“Then, after so many years of this, news of the war came, and there was actual cheering! People cheering at the news of war, not only young men, but women and children! And what did that do? It killed your fathers. It did not liberate Amemwingeb. Therefore we took on this abstinence from the music of those instruments, therefore we sent the relief to Amemwingeb from the fruits of our labors: acts of contrition.”
“Of course we understand that,” said Buzhak, “but what about last year when they reinstated the Red orders here? Pedfen's uncle even joined the Bears. Once again we have men wearing red and doing exercises, going up into the hills to train, without so much as a drum or pipe. Now our people can once again study the ways of killing, but they can no longer sweeten that with anything joyful. What then? Were you ever going to bring the band back yourselves? Well we decided it's been too long already. We still mourn the loss of our fathers, but it is time for music to come back! Otherwise I'm afraid we will let the soul of our village die.”
“Is anyone else of your opinion?”
Buzhak walked slowly, silent, ashamed.
“Hm?”
“I don't know,” she said at last. She had failed to plan adequately for dealing with this woman.
Vodle smiled at her. “My dear girl, you show spirit and enterprise, and what's more, a well-developed sensitivity. I would encourage you to try for the Thing in 13 more years. Meanwhile however, I don't know what effect a mere prank such as this can hope to achieve. Perhaps you can circulate a petition.
“Now I must go back to the hall. I thank you both for the time and the words. You are both free to go. I will find my own way.” And she strode out of the orchard, leaving Pedfen gaping at Buzhak.
“What was that?” he asked when the speaker had gone.
“I don't know,” said Buzhak, taking him by the arm, “but I do know we can't give up. Let's go do the next part – now! They should still be on the floor.”
A petition? They would show the old ones a petition!
She jogged out of the orchard at a different direction from the one Vodle had gone, her hand closing on the pocket of her billowing sirwal. There was her secret weapon: she and Pedfen had bought small flutes at the last fair from the wanderers. She had had to beg them to even let her see them: the wanderers were not even permitted to play their own music when camped in Oma Luchol. But Buzhak, whose family had come from a place where those people were more commonly seen, knew that they must have the flutes. Simple tubes of some hollow woody stem that grew in even hotter places than the Rim, where there was no winter, drilled with holes and fitted with a mouthpiece. Buzhak had bought them and she and Pedfen had been practicing in secret ever since, preparing for this day, this moment.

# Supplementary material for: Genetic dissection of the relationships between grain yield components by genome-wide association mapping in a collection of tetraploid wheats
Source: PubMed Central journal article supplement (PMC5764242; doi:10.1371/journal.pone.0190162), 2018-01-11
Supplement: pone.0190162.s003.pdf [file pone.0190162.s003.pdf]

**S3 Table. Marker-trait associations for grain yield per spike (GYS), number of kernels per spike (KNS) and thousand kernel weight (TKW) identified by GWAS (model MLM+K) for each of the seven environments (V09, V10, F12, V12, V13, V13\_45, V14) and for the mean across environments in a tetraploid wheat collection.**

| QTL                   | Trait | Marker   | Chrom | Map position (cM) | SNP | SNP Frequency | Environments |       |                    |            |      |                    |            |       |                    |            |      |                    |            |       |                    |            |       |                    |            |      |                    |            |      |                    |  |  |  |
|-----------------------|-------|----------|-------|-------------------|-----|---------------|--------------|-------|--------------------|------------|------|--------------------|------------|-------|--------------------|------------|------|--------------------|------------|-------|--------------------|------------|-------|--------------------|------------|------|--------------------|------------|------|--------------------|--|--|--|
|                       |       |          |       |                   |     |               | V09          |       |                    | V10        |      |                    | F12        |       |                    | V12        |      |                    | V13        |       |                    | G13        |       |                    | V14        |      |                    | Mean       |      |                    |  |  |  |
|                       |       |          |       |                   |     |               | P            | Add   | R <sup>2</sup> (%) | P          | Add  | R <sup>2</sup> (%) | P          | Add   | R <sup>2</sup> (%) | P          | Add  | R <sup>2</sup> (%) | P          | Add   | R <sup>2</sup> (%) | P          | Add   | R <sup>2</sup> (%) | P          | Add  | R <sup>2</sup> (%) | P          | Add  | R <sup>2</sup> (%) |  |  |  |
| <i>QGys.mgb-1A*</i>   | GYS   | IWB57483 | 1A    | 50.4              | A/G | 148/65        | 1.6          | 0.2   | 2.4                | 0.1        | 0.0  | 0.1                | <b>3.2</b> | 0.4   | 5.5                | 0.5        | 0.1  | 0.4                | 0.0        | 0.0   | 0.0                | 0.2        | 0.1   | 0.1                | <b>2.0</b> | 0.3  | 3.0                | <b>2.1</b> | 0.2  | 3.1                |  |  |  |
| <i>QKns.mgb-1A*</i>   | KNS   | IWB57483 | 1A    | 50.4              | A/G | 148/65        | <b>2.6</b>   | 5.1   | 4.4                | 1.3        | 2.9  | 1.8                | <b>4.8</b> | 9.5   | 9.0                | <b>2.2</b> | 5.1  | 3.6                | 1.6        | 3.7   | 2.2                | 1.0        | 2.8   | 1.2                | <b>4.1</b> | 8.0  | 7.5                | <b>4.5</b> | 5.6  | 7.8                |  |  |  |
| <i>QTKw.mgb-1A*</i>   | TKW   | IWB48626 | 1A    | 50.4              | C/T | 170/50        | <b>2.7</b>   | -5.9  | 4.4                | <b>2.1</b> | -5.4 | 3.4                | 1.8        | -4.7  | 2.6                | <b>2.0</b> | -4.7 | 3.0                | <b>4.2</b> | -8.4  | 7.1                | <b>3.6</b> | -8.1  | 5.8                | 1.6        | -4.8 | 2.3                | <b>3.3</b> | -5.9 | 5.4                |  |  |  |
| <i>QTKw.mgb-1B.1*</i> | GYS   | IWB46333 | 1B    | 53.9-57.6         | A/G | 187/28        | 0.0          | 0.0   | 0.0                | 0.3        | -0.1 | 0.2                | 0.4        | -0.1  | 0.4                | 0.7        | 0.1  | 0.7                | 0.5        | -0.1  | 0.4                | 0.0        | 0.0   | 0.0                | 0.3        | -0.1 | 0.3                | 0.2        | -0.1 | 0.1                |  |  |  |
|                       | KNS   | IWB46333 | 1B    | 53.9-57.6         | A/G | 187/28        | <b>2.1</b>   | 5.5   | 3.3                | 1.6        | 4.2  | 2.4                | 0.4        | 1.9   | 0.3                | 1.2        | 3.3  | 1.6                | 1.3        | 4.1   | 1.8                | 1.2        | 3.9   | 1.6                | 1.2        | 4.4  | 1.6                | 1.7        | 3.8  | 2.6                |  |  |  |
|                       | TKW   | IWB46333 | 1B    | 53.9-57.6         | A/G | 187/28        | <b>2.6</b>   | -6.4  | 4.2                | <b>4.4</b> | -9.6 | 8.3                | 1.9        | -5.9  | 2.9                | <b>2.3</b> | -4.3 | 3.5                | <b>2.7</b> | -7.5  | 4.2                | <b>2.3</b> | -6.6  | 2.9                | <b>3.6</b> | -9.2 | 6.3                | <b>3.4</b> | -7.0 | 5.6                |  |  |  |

She slowed her gait as they neared the drying floor. People had laid their brooms aside and were chatting for a while before going on to the rest of the day's tasks. Heads turned as Buzhak strode to the center of the floor with Pedfen close behind her. She raised her flute to her lips and took a deep breath.
Soon a melody was flowing: it started out similar to a popular hymn, but after a few measures it drifted into something she had made up herself. And then Pedfen's joined, in the harmony part that they had worked out between them.
It was the first time any instrument blown by human breath had made music in Oma Luchol for 10 years.
While they played, Buzhak imagined she was looking down at herself in the center of the circle. In only a few days it would fill up with baskets and screens covered with fruit, divided by paths like the spokes of the Wheel. She imagined the lines dividing the circle, first into two, then into four. There was the Yellow, followed by the Red which blindly thought it was first. There was the White third and the Blue fourth. And around and through, the Black rim and spokes. Even, odd, even, odd, never ending motion, progression, the mounting inventions of humanity and the divine intelligence greater than all of them.
Those who had settled and planted here did so guided by their faith in that guiding intelligence that the Black symbolized, gradually blackening the red soil with the charred prunings and pits from their fruit trees. That was well and good, but how could divine intelligence keep directing them if they remained in stagnation?
She thought of the passage she had memorized from the Dialogues, which had influenced her composition.
These two are opposite, yet must love each other.
Here is the one who stays put, who looks to what is close by, urges gentleness toward the common. Raises a hand in restraint against picking or taking too much, bids you spare and save, gathers and watches.
And there is one who wanders, who journeys and seeks, looks to what is far away and values the rare, takes it and brings it home. Brings a spark to kindle a fire of fascination in the minds of those at home. There is one who raises a hand to seize, who spends and spreads, and moves on.
These two would work against each other. But they need each other, and must love each other.
She slipped on a note, squeezed her eyes shut, took a small step sideways, and tried to let everything drain out of her mind except the flute and the song.
When she finished, there was a silence, broken by a pair of hands clapping, joined by another and then more in that curious building of sound that Buzhak had last heard three years before, a sound like a summer cloudburst on a roof or a rock slide.